In fact, the speech of the has-been vice president and former representative from Wyoming was discussed on a par with the presidential address of Obama defending his own policies with the Constitution and Bill of Rights encased right near the TelePrompter.
Other Cheney-Obama speech items are available here and over here.
Almost as if the two cousins, Obama and Cheney, were debating as equals.
Obama and Cheney aren't equals, of course. One is the current president, the other is the former Vice President. If it is "almost as though they are debating as equals," that's because the media is absurdly treating them as such.
But Malcolm's treatment of Cheney's poll numbers is the greater flaw:
The political twosome of Bush-Cheney were in a genuine poll hole on leaving office, although from former President Bush's silence since then and Cheney's frequent, escalating and aggressive defense remarks, few would think the two care much about current poll numbers.
Bush's favorable ratings have risen too since Obama took office, up 6 percentage points to now stand at 41%. Cheney's favorables remain slightly behind his ex-boss but increased by more (8 percentage points) to 37% now.
CNN's polling director says he doubts Cheney's growing popularity is due to his speeches critical of the Obama administration's security policy changes. But he can't prove they aren't. And what other explanation is there? The public's fond memories of cuddly Cheney story times at daycare centers?
First, CNN's polling director doesn't say he "doubts" Cheney's poll improvement is due to his speeches. He says the speeches are "almost certainly not" the cause. Second, Malcolm's suggestion that there is not other possible explanation is silly, given that he had just acknowledged that Bush has largely remained silent, and his retrospective approval rating has improved, too. Finally, there's a very simple possible explanation: at some point after they leave office, presidents tend to see their approval ratings improve.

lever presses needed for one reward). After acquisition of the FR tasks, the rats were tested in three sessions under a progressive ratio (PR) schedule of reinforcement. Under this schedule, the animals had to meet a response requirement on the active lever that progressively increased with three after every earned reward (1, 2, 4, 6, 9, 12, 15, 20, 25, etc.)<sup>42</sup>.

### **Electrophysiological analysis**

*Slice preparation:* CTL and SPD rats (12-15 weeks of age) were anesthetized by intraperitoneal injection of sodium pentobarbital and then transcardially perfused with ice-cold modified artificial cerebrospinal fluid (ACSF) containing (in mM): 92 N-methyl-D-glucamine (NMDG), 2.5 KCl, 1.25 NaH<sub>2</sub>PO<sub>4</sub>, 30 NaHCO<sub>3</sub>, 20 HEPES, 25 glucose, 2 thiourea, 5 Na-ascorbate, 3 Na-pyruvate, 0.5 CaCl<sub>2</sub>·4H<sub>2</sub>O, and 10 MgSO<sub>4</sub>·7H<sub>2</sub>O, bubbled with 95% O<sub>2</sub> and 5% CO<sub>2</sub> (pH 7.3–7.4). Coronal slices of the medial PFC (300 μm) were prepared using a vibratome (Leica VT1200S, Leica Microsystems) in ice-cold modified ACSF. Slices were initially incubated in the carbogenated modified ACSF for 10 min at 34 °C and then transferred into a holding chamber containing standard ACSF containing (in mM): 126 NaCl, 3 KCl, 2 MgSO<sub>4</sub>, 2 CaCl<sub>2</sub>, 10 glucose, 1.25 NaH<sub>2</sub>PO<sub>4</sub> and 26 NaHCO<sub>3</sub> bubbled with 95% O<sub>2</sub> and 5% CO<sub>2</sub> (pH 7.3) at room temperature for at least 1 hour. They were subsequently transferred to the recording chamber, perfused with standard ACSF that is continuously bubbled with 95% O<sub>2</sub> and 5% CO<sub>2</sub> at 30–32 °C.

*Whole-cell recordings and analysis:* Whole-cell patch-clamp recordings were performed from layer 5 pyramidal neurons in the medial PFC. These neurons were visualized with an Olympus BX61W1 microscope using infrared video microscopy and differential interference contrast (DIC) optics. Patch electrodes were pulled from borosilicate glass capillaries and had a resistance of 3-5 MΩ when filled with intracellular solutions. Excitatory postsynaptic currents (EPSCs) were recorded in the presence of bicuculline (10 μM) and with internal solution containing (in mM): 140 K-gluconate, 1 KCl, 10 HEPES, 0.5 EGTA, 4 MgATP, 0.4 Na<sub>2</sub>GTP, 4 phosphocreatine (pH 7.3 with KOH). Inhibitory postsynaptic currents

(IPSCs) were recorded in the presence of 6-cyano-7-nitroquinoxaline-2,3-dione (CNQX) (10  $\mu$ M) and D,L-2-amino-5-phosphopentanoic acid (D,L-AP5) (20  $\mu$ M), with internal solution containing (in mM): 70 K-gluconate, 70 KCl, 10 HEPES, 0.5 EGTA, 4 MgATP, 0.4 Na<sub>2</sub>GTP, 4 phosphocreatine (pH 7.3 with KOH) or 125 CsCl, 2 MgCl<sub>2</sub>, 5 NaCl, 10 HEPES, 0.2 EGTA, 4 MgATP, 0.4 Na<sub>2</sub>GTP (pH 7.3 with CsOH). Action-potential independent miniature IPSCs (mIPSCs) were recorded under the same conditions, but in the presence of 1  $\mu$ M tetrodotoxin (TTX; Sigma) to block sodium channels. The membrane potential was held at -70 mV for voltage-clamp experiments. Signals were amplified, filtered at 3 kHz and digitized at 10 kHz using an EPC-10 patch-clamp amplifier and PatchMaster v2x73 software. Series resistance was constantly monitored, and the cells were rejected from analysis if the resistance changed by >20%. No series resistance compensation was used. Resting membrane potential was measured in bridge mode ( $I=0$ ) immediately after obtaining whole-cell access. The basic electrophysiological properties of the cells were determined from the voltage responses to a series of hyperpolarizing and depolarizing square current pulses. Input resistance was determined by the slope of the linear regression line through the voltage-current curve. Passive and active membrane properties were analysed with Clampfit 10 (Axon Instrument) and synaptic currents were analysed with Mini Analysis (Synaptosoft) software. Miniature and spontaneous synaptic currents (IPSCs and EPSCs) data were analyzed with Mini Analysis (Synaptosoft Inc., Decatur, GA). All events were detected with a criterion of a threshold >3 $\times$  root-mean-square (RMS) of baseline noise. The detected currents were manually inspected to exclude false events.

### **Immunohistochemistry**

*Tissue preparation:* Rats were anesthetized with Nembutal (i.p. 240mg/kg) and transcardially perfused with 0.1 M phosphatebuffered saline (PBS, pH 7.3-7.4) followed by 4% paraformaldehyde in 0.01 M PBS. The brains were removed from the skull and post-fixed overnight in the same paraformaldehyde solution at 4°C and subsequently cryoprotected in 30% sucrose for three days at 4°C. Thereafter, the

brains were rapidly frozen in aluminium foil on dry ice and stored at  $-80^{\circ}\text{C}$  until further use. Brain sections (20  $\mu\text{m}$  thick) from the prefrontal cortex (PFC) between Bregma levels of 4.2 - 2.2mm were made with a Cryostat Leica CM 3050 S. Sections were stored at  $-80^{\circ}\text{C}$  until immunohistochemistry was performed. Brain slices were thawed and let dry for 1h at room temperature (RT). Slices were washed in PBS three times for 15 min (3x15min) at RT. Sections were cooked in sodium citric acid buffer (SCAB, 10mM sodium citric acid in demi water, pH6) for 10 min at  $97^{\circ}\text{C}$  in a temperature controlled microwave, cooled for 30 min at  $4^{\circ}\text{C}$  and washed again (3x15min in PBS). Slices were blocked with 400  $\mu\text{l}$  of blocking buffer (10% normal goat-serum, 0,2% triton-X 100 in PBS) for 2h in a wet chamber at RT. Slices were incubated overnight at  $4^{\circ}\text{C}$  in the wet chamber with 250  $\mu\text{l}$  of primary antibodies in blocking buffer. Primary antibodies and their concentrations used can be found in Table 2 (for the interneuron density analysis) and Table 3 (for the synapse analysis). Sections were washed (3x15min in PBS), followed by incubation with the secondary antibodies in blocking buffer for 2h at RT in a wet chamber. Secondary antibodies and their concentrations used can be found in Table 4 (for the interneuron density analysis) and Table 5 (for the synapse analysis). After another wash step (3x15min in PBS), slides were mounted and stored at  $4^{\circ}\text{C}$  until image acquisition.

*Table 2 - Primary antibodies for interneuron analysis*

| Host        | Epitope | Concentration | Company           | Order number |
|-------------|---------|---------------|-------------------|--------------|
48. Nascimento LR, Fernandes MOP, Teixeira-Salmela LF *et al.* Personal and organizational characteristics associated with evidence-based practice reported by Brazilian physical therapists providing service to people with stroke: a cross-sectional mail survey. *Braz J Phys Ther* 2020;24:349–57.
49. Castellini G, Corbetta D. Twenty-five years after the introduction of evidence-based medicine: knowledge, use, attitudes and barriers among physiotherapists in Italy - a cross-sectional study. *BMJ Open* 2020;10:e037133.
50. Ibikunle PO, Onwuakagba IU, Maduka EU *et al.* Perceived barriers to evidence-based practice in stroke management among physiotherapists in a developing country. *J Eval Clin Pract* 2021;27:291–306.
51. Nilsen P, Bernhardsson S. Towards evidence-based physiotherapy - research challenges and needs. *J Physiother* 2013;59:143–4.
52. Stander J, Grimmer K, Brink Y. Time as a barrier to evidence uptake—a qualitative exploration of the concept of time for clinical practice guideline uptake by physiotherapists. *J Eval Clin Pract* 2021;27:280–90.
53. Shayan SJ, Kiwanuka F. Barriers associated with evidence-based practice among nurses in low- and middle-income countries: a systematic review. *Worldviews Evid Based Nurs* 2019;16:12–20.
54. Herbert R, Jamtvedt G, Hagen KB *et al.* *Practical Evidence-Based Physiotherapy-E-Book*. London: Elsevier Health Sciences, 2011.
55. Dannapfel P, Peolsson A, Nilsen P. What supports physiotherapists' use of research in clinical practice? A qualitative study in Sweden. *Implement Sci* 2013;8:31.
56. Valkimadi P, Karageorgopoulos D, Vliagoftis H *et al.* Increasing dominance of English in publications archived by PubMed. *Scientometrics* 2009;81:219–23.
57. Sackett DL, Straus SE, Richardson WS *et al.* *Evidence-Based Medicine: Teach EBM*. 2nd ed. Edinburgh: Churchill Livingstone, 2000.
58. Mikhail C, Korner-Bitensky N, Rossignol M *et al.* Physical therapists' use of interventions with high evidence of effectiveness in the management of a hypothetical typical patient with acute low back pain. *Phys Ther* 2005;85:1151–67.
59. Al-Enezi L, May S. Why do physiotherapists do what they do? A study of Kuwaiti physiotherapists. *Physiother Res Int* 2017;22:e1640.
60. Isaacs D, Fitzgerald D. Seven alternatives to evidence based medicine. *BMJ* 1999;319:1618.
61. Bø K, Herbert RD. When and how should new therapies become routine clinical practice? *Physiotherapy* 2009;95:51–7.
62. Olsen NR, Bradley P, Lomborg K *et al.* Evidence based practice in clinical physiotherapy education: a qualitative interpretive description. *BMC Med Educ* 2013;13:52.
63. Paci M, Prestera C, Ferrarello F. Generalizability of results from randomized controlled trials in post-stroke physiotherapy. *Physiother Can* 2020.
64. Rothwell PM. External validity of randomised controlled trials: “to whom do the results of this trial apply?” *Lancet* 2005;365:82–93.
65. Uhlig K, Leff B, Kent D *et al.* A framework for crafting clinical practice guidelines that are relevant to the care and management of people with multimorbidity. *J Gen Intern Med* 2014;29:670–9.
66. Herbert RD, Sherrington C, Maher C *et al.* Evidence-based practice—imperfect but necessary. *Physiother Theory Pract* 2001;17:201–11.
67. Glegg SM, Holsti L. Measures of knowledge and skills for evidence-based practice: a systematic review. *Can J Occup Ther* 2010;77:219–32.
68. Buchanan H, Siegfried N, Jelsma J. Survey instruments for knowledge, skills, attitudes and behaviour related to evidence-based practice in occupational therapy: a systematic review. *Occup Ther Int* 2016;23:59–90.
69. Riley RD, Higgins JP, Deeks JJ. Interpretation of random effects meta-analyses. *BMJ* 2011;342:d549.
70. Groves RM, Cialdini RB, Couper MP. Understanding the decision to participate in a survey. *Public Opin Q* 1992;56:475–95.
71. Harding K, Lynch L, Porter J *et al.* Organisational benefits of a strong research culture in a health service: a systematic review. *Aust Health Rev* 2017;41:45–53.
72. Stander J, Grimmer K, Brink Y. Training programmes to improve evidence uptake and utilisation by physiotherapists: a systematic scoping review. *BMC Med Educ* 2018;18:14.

Here's an ABC News article from 2004:
It's a common phenomenon for Americans to look back on past presidents with less critical eyes. Four years after George H.W. Bush left office, his retrospective approval rating was 63 percent, up considerably from the end of his term. Jimmy Carter, who had the lowest average job approval of all postwar presidents, did 20 points better in a 1999 poll, 18 years after he left office. And Reagan received a retrospective approval rating of 73 percent in 2002.
And last winter, Gallup noted that presidents leaving office normally see an increase in public support:
Presidents about to leave office generally receive a boost in public support in the final weeks of their presidencies. This may reflect sympathy for presidents who leave in defeat (like the elder Bush or Ford) or perhaps feelings of nostalgia for a favorable era for the country about to end (as for Reagan or Clinton).
It may also reflect the soon-to-be-former president's being viewed in slightly less political terms. Between Election Day and Inauguration Day, the president's successor is the primary focus of political coverage, and the sitting president is likely not pursuing many controversial policies during this time, instead focusing his attention on handing things over to the next president.